There is so much fuss about French cuisine that it's easy to reject it out-of-hand. A taste here and a thought there, however, and the French may be onto something.
A reluctant embrace of French cuisine
Last week a small group of friends celebrated Bastille Day with a big, fat, French-themed pétanque party. There were contraband cheeses, gnarled baguettes, imported Poilâne bread, bouillabaisse with a spicy rouille, duck rillettes and tarte tatin. Being that the hosts were a mix of people with Cajun and Lebanese backgrounds, we also celebrated the varying degrees to which France had influenced those cultures - and the ways in which it hadn't. In other words, there was hummus, and plenty of it.
At some point in the afternoon, a friend began recounting tales from a recent trip to Hawaii with a skincare specialist who admonished her for not being more judicious with the sunscreen. "Can you imagine," she asked, rolling her eyes, "going to Hawaii with a dermatologist? What was I thinking?" "That's almost as bad as going to France with a cardiologist," I quipped. Judging from a comment like that, you might think I am a Francophile, impulsively referencing France as a culinary last frontier as many food geeks are prone to do. And if the amount of bread and cheese I scarfed down that afternoon is any indication, it might misrepresent my gluttony as a singular love for all things French. But, despite the fact that France is often perceived as the be-all and end-all of haute cuisine, it took me a very, very long time to become a believer. And though I am still a work in progress, I've come a long way.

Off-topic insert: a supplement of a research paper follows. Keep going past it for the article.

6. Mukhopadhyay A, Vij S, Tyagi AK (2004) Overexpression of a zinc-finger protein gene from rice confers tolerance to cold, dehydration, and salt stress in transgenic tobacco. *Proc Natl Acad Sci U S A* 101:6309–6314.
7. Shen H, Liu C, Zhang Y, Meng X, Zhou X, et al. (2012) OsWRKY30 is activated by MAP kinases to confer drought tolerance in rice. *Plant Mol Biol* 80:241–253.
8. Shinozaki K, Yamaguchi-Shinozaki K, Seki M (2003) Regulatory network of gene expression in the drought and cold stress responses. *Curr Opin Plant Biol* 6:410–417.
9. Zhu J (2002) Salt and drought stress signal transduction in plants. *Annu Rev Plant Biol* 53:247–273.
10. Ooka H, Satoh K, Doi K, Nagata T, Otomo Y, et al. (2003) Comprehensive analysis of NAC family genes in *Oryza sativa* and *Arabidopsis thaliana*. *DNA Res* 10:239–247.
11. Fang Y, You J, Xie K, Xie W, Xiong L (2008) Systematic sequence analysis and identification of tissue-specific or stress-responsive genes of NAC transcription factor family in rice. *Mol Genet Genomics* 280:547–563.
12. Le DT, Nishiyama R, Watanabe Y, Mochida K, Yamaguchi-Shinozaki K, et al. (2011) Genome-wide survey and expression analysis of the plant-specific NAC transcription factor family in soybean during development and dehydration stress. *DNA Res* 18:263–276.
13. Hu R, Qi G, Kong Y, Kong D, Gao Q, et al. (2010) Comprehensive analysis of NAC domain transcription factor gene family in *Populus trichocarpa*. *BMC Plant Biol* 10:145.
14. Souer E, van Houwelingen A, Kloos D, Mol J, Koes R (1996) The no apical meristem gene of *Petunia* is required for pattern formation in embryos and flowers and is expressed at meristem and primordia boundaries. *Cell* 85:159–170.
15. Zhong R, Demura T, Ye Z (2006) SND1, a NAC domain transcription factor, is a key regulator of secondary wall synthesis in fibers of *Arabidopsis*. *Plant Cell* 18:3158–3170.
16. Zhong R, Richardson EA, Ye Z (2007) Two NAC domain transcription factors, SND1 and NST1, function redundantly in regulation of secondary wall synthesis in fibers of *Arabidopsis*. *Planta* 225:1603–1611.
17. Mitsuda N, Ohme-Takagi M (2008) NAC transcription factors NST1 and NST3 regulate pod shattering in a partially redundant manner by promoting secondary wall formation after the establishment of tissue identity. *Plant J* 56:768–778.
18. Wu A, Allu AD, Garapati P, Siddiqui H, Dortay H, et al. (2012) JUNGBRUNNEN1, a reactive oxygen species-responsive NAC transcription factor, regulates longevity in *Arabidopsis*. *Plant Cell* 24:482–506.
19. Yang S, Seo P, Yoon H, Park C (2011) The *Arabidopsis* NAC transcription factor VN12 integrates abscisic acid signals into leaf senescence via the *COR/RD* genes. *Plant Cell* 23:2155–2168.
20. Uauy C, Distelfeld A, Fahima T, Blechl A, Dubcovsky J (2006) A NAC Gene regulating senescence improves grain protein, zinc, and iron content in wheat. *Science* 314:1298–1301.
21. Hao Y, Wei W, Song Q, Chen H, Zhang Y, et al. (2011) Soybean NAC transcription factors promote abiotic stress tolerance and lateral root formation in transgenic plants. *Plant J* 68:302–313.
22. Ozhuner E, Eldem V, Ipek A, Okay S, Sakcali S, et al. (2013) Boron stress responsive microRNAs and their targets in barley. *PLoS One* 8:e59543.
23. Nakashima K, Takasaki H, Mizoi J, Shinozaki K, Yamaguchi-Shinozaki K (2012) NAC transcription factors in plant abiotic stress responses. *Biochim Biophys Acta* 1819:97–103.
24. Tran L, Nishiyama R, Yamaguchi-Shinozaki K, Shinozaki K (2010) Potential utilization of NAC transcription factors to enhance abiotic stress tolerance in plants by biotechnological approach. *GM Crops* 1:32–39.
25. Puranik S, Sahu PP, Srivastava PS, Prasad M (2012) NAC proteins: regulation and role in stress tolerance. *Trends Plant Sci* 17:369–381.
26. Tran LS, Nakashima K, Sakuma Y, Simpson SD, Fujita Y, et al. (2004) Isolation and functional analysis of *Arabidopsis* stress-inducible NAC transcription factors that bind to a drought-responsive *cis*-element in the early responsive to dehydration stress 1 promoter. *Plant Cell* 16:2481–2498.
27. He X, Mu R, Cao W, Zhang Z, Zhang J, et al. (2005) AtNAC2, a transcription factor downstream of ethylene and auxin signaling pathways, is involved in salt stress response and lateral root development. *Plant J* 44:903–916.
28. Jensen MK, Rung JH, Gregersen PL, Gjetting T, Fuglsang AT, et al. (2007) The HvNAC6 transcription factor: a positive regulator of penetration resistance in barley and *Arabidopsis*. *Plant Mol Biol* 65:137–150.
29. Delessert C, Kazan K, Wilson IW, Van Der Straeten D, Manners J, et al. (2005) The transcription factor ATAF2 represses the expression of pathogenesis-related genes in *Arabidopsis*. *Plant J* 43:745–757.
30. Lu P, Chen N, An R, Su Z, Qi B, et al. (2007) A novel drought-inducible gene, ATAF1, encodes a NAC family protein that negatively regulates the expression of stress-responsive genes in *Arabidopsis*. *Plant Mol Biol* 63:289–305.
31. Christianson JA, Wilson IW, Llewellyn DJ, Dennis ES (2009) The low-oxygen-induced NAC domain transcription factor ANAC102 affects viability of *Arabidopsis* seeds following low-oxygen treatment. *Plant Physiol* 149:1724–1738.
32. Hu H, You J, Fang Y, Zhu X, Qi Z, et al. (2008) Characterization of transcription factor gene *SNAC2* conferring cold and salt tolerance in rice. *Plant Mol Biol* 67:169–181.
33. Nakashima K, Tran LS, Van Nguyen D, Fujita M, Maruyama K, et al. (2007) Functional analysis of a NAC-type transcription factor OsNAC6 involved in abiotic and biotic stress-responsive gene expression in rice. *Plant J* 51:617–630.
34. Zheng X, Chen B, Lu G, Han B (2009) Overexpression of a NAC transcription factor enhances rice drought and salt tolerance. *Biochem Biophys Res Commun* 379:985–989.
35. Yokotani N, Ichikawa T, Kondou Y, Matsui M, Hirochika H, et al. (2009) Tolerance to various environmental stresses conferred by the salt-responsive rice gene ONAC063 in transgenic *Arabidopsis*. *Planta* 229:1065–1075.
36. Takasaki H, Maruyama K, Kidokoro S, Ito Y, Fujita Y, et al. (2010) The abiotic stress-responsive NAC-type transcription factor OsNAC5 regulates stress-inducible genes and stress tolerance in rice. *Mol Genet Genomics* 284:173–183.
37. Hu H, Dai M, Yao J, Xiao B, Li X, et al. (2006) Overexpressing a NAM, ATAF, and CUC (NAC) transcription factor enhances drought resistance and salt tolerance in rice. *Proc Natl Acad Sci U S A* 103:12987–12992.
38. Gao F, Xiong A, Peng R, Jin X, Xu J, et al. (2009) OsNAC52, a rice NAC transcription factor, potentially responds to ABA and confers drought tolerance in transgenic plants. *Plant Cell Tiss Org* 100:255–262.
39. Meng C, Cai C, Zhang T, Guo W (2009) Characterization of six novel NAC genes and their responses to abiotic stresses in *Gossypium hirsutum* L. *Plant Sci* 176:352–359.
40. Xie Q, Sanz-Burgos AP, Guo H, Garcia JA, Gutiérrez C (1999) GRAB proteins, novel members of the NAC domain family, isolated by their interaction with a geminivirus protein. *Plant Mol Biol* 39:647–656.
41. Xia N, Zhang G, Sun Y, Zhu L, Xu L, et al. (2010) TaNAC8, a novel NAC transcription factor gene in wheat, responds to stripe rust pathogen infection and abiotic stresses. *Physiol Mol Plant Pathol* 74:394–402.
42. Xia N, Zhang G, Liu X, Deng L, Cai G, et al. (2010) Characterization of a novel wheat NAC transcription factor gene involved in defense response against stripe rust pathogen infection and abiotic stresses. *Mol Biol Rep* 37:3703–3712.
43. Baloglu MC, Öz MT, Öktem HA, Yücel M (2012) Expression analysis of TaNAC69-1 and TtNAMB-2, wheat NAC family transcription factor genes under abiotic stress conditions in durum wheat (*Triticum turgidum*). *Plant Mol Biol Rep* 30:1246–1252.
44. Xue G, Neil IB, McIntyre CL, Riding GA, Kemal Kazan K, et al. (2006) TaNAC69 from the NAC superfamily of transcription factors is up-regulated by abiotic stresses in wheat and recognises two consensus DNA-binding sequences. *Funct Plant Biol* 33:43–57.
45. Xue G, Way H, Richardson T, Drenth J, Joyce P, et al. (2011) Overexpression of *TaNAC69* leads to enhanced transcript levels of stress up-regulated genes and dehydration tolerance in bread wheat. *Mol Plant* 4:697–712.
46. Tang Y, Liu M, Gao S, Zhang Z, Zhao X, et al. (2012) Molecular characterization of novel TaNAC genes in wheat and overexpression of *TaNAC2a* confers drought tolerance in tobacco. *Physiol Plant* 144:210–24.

Is this about playing devil's advocate because French food is touted as the perennial bee's knees? I hope not. My earliest exposures to classic French cuisine came after a crucial year of history lessons, after which I understood how many of the recipes were formed with the intention of complicating poor ingredients in order to conceal their inferiority. Even French bistro food leaves me lukewarm. If I'm going to enjoy a roast chicken, I want to know where it comes from. I'd like to savour the backs and the oysters, and then use the carcass to make soup.
For as long as I can remember loving food, I have found the fussiness of French food off-putting, because of how inaccessible it often seemed. So what if I am more interested in ribeyes than filet mignon; if I like a green salad alongside my main meal, and will gladly forgo heavy sauces for simpler, clearer flavours? What I lack in refinement I make up for with enthusiasm. I became interested in Spanish and Italian cuisines, finding them more expressive and vibrant than French, which was an unfair assessment. Paris, whose charms had eluded me, never stood a chance against Barcelona and Rome. Why? Because my only clear memories of Paris involved a flurry of escargots; rare steaks dripping with sauce Béarnaise, and the hazy funk of some stinky cheeses. I was fearful in Paris, and paralysed by my own opinions.